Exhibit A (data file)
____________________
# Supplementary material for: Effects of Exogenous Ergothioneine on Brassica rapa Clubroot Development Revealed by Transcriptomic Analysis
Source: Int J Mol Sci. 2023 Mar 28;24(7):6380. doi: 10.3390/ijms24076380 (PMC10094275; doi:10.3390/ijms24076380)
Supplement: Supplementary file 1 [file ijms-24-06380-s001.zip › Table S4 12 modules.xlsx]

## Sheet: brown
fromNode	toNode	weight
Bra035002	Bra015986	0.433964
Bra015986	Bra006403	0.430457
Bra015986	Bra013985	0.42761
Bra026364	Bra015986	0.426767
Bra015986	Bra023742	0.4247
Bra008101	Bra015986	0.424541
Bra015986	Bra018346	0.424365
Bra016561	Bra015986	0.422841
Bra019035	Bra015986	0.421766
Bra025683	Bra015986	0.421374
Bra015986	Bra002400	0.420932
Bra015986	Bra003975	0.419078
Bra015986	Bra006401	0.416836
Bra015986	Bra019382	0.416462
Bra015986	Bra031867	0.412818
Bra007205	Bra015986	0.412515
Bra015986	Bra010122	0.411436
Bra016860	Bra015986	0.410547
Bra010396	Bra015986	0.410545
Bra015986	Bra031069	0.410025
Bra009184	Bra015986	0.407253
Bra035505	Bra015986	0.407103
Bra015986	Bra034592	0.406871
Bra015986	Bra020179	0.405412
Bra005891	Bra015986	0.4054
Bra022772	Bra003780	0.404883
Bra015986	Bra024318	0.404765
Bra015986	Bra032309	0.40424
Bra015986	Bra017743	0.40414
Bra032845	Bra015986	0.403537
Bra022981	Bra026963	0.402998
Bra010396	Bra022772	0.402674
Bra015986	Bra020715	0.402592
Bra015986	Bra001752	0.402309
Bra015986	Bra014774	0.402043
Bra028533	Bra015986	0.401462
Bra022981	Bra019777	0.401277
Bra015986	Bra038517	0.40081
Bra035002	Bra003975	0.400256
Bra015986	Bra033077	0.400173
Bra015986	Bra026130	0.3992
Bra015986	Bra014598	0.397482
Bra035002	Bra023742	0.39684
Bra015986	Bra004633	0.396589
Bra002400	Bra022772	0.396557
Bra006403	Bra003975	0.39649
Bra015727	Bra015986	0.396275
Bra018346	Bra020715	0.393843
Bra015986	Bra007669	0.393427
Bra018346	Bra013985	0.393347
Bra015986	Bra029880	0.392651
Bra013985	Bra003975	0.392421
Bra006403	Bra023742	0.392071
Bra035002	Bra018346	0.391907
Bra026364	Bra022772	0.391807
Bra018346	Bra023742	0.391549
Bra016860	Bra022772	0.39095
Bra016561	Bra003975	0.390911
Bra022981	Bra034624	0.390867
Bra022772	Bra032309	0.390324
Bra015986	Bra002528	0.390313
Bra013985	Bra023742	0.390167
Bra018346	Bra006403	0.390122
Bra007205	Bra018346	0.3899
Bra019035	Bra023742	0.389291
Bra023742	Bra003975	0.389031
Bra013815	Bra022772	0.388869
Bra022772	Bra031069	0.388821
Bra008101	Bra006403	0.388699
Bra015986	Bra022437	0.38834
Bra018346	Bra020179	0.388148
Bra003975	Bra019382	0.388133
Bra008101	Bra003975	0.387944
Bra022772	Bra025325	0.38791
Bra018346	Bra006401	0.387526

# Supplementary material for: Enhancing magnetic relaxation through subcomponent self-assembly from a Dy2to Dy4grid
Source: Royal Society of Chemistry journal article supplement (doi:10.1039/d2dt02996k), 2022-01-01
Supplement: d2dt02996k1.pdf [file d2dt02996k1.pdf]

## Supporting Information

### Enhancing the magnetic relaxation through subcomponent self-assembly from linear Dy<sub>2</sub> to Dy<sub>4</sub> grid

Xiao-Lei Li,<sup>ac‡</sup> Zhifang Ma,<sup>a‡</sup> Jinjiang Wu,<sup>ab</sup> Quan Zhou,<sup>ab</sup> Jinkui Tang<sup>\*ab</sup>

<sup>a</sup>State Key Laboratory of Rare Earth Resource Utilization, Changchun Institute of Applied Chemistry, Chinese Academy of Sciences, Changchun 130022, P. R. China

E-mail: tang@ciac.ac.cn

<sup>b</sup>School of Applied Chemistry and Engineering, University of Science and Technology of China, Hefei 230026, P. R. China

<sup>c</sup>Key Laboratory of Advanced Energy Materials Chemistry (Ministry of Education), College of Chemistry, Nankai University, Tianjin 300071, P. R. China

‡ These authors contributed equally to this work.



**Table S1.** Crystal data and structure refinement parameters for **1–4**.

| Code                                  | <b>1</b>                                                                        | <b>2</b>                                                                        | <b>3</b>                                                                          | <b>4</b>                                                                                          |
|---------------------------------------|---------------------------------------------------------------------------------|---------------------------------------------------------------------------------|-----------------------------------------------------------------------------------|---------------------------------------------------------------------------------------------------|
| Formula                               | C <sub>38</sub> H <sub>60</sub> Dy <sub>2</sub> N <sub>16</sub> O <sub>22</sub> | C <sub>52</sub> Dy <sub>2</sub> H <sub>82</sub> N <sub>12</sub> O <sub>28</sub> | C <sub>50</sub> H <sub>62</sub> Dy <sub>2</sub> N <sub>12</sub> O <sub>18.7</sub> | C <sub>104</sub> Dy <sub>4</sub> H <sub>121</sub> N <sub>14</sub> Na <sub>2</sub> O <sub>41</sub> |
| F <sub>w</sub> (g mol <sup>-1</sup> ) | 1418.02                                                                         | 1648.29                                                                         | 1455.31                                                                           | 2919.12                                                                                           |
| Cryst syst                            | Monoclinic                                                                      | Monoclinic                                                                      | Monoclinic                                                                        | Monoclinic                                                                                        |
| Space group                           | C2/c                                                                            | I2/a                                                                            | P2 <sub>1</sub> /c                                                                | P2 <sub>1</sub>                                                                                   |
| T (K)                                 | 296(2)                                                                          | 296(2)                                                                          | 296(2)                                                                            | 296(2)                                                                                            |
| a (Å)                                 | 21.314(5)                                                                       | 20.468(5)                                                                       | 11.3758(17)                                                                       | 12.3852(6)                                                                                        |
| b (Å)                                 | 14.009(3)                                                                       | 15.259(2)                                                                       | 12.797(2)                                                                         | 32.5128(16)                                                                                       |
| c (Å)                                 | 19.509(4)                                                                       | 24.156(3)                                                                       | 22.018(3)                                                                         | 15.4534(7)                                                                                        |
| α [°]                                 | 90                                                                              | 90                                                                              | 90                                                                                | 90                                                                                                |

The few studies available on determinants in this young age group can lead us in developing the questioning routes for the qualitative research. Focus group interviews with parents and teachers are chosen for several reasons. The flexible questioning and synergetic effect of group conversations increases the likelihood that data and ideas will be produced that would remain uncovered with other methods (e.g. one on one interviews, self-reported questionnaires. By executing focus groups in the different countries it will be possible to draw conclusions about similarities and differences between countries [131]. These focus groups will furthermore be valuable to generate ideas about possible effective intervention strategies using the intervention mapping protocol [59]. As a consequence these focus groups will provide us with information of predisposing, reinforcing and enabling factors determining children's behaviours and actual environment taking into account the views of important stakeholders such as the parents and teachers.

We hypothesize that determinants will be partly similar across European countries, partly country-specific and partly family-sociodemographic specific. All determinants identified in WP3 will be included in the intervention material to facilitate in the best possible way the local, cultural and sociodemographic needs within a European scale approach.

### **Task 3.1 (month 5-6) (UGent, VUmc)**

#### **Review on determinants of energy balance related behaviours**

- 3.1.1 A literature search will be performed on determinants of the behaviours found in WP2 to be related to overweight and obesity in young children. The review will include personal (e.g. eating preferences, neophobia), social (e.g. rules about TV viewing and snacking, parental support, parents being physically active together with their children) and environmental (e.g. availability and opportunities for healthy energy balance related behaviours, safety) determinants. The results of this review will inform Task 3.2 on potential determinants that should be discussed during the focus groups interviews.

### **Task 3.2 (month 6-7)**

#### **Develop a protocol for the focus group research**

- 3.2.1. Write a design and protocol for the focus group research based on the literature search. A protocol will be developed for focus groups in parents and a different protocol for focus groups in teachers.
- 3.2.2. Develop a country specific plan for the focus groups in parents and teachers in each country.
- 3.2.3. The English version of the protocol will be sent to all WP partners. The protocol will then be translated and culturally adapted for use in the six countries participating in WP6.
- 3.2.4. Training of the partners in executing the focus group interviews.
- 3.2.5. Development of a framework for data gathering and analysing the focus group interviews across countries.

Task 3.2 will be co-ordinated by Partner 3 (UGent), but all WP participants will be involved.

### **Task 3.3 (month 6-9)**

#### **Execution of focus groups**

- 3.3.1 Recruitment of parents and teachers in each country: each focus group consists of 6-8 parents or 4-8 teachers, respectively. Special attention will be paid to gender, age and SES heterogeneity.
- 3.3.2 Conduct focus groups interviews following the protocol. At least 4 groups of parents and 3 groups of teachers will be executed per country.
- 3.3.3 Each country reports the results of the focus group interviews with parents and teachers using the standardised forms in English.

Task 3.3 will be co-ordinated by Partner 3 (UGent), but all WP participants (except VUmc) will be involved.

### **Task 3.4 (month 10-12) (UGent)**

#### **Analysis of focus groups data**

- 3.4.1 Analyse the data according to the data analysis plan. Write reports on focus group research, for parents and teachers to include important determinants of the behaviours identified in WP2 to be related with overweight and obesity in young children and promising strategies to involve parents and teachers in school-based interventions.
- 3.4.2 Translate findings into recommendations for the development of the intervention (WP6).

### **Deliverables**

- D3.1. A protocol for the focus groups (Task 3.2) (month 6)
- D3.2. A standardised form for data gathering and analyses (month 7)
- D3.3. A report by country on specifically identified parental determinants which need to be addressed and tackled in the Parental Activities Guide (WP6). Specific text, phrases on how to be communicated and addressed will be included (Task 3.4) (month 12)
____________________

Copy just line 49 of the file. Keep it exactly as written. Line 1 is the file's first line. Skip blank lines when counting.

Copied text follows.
Bra015986	Bra004633	0.396589